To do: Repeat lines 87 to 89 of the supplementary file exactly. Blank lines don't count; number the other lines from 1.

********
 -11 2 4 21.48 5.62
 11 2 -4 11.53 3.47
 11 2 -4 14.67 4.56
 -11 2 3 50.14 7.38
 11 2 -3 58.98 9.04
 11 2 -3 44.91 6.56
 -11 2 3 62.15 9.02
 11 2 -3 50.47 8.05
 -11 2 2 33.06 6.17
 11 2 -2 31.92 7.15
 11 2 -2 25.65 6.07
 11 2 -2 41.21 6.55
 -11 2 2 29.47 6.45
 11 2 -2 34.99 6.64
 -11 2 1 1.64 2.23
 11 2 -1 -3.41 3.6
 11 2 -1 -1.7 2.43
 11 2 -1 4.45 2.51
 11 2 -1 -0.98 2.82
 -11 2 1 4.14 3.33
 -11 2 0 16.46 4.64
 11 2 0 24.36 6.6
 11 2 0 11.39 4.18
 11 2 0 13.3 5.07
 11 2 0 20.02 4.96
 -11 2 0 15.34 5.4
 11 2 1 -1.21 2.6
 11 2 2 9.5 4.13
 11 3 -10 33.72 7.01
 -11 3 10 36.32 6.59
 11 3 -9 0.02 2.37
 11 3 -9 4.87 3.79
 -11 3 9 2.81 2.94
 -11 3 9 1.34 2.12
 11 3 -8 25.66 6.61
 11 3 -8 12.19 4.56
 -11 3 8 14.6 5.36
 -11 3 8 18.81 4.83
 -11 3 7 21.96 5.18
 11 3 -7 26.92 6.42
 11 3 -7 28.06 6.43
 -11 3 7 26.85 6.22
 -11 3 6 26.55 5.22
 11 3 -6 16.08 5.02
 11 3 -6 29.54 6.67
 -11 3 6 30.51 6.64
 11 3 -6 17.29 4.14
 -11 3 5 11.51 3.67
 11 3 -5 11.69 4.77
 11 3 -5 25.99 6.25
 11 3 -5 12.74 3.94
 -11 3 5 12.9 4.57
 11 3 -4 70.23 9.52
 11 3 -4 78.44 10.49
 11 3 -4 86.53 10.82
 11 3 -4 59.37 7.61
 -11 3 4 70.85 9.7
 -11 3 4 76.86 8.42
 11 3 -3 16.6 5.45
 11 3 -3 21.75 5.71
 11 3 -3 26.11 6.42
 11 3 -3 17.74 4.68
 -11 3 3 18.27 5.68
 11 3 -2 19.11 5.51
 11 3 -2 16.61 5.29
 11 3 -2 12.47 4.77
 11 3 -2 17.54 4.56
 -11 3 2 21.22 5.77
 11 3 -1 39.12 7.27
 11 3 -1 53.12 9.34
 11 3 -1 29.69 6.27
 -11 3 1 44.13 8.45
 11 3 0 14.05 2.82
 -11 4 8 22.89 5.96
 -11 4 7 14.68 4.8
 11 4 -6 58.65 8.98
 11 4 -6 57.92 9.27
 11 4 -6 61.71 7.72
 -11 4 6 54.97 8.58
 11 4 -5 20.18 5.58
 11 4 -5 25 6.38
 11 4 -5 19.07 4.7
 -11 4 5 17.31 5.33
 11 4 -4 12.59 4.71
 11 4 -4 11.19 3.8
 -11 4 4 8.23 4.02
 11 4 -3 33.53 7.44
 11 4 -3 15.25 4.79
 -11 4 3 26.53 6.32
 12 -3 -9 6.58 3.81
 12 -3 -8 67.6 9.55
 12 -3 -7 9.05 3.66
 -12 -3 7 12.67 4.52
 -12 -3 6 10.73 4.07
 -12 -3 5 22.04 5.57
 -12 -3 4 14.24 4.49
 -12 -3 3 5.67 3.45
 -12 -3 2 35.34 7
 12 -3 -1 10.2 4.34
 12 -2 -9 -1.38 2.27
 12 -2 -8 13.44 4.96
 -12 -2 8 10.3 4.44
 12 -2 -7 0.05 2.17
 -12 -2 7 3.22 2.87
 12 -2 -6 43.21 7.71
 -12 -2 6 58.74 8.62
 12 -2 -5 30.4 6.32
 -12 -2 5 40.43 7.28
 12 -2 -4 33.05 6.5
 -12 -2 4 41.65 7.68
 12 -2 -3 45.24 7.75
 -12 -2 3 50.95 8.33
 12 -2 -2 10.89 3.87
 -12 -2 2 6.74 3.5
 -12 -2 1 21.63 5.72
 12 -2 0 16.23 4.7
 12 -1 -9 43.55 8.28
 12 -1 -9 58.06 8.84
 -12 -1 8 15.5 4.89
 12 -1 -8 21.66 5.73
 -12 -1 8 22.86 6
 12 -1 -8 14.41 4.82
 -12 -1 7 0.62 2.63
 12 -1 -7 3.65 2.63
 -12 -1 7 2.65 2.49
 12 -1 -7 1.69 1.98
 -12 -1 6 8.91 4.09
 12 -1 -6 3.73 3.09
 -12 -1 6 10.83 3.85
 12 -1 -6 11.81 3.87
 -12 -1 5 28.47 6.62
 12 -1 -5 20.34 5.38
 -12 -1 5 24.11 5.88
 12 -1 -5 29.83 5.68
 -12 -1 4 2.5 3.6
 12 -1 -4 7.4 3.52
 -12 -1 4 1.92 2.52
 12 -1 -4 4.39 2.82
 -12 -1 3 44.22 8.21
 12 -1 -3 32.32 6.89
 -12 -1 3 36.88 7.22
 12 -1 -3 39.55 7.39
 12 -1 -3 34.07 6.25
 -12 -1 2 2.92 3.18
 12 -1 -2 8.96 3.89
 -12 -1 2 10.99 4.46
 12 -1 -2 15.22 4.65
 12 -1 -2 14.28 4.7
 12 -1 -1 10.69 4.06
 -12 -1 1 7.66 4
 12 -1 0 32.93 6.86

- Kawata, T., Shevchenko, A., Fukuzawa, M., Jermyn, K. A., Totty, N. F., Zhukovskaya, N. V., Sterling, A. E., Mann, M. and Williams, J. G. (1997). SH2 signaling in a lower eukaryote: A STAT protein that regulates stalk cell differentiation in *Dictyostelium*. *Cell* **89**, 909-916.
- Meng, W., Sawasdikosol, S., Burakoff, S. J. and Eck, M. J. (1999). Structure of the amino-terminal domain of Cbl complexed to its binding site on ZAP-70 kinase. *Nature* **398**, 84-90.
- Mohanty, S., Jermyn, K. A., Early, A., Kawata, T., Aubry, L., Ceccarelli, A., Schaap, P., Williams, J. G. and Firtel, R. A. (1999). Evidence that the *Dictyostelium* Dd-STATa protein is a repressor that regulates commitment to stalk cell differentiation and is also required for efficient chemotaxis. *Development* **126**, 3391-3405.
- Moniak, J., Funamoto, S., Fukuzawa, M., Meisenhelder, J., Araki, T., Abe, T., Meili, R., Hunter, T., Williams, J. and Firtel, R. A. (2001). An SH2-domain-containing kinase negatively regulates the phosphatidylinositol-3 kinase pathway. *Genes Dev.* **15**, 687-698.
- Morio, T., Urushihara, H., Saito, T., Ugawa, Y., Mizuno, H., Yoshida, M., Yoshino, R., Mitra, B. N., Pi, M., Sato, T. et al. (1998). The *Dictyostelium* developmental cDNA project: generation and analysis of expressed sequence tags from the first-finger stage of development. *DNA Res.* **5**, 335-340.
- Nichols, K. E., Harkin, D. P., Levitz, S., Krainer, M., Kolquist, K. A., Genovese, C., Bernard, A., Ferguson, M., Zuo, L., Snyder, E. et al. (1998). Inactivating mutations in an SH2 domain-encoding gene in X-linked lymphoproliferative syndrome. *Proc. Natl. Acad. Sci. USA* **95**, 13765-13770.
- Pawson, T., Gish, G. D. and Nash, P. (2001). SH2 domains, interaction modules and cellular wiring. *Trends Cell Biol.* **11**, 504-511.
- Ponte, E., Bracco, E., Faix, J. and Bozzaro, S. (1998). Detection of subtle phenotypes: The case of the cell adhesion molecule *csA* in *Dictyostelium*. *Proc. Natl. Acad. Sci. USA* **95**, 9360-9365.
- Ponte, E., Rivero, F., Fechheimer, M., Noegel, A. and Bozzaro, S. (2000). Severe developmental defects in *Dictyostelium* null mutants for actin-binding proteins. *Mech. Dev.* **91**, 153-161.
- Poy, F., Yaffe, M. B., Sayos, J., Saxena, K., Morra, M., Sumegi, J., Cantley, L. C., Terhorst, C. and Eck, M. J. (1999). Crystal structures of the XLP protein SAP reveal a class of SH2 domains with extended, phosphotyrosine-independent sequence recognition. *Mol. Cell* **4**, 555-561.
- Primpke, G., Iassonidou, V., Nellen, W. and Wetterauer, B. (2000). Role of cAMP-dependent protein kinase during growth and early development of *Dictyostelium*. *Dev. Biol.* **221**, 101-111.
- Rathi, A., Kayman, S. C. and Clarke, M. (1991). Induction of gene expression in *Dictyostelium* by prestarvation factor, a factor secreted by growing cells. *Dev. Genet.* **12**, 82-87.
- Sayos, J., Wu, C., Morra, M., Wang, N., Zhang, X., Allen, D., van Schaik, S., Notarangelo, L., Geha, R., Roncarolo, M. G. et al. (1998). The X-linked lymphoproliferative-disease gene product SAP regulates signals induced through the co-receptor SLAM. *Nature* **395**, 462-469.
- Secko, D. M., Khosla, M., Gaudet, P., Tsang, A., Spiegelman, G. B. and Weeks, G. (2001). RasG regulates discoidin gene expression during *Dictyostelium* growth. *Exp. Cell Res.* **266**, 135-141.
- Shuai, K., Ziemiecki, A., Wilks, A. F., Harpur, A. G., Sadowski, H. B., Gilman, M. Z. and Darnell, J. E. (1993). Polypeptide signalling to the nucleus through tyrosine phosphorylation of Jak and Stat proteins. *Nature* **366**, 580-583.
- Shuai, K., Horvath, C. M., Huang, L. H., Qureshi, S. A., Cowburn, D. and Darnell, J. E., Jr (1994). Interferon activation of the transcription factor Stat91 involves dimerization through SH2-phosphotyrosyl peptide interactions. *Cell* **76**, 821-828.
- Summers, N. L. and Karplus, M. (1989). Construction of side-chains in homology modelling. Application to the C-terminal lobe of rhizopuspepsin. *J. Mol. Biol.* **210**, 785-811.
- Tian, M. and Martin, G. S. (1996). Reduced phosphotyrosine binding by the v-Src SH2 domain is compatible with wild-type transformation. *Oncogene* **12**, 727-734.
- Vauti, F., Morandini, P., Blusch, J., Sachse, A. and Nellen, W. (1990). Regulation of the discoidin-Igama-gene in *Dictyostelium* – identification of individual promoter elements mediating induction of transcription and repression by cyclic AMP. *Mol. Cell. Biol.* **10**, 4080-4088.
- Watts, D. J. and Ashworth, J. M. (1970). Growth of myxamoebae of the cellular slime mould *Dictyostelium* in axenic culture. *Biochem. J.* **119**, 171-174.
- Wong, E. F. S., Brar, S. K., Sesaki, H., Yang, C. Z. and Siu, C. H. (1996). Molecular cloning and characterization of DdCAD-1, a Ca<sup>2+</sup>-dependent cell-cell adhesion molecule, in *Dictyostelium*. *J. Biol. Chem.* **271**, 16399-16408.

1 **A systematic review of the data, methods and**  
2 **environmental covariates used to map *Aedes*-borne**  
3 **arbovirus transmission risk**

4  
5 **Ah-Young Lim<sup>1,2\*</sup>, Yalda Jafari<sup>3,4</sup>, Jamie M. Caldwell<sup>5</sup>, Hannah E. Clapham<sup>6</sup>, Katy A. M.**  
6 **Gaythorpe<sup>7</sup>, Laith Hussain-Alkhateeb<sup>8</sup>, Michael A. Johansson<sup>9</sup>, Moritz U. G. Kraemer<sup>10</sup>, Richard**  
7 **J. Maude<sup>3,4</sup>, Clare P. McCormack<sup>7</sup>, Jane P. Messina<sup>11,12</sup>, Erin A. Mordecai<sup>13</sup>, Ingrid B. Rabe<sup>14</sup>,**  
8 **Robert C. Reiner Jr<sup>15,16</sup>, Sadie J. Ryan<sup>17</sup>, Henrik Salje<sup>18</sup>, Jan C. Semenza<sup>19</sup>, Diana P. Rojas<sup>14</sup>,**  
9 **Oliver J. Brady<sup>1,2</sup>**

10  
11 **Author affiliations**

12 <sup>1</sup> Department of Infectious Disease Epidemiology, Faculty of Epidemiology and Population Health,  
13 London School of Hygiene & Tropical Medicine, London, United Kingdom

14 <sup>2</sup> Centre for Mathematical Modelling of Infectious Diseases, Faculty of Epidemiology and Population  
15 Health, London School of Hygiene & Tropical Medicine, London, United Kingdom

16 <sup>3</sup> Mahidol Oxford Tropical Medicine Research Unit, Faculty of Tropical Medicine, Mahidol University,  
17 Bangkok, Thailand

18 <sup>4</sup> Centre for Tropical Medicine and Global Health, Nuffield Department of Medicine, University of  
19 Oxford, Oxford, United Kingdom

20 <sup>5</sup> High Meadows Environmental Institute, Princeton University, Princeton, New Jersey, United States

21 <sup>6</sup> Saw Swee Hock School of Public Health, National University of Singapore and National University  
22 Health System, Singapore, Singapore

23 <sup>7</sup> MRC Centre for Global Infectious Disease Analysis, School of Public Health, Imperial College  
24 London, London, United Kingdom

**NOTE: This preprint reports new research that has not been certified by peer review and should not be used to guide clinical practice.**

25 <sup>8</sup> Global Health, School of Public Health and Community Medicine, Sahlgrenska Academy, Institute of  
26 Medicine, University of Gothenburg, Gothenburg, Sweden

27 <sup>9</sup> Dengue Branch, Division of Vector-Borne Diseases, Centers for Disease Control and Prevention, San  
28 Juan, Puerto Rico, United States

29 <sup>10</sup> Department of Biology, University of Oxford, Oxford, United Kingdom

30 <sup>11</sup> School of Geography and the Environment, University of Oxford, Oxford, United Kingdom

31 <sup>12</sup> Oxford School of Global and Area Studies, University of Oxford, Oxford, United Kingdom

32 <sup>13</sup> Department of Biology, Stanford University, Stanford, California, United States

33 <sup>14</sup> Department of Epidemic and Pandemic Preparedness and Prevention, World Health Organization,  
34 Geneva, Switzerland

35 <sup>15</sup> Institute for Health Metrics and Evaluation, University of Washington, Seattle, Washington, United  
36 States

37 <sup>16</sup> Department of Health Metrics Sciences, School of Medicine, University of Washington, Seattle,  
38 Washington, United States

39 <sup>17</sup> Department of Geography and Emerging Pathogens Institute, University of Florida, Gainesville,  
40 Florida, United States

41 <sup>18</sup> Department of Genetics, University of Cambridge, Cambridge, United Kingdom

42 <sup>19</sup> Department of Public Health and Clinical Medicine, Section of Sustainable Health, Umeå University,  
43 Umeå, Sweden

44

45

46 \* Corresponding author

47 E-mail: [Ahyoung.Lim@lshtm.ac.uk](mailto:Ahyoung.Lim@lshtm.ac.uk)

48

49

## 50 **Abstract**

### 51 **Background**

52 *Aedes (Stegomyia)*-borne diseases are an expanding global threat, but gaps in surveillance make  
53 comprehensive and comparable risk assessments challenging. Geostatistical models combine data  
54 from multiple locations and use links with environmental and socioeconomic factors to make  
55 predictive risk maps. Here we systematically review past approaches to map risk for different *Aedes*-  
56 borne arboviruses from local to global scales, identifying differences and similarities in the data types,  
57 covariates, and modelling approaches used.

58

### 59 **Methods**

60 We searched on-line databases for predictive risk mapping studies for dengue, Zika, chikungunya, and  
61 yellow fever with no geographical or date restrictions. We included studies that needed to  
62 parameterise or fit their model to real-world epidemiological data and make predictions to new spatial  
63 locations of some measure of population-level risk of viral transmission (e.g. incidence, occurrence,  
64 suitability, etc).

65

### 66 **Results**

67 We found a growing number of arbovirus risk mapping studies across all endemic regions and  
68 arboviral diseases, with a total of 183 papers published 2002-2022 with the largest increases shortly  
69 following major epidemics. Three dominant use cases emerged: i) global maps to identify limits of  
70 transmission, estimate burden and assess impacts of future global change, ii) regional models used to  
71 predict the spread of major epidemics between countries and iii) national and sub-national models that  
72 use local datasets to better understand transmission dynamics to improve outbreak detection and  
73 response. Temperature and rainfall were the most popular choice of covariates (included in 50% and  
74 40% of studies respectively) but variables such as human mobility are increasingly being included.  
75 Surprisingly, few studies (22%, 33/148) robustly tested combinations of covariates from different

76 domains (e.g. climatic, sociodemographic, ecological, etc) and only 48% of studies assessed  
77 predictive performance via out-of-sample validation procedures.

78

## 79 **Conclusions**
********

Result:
 11 4 -3 33.53 7.44
 11 4 -3 15.25 4.79
 -11 4 3 26.53 6.32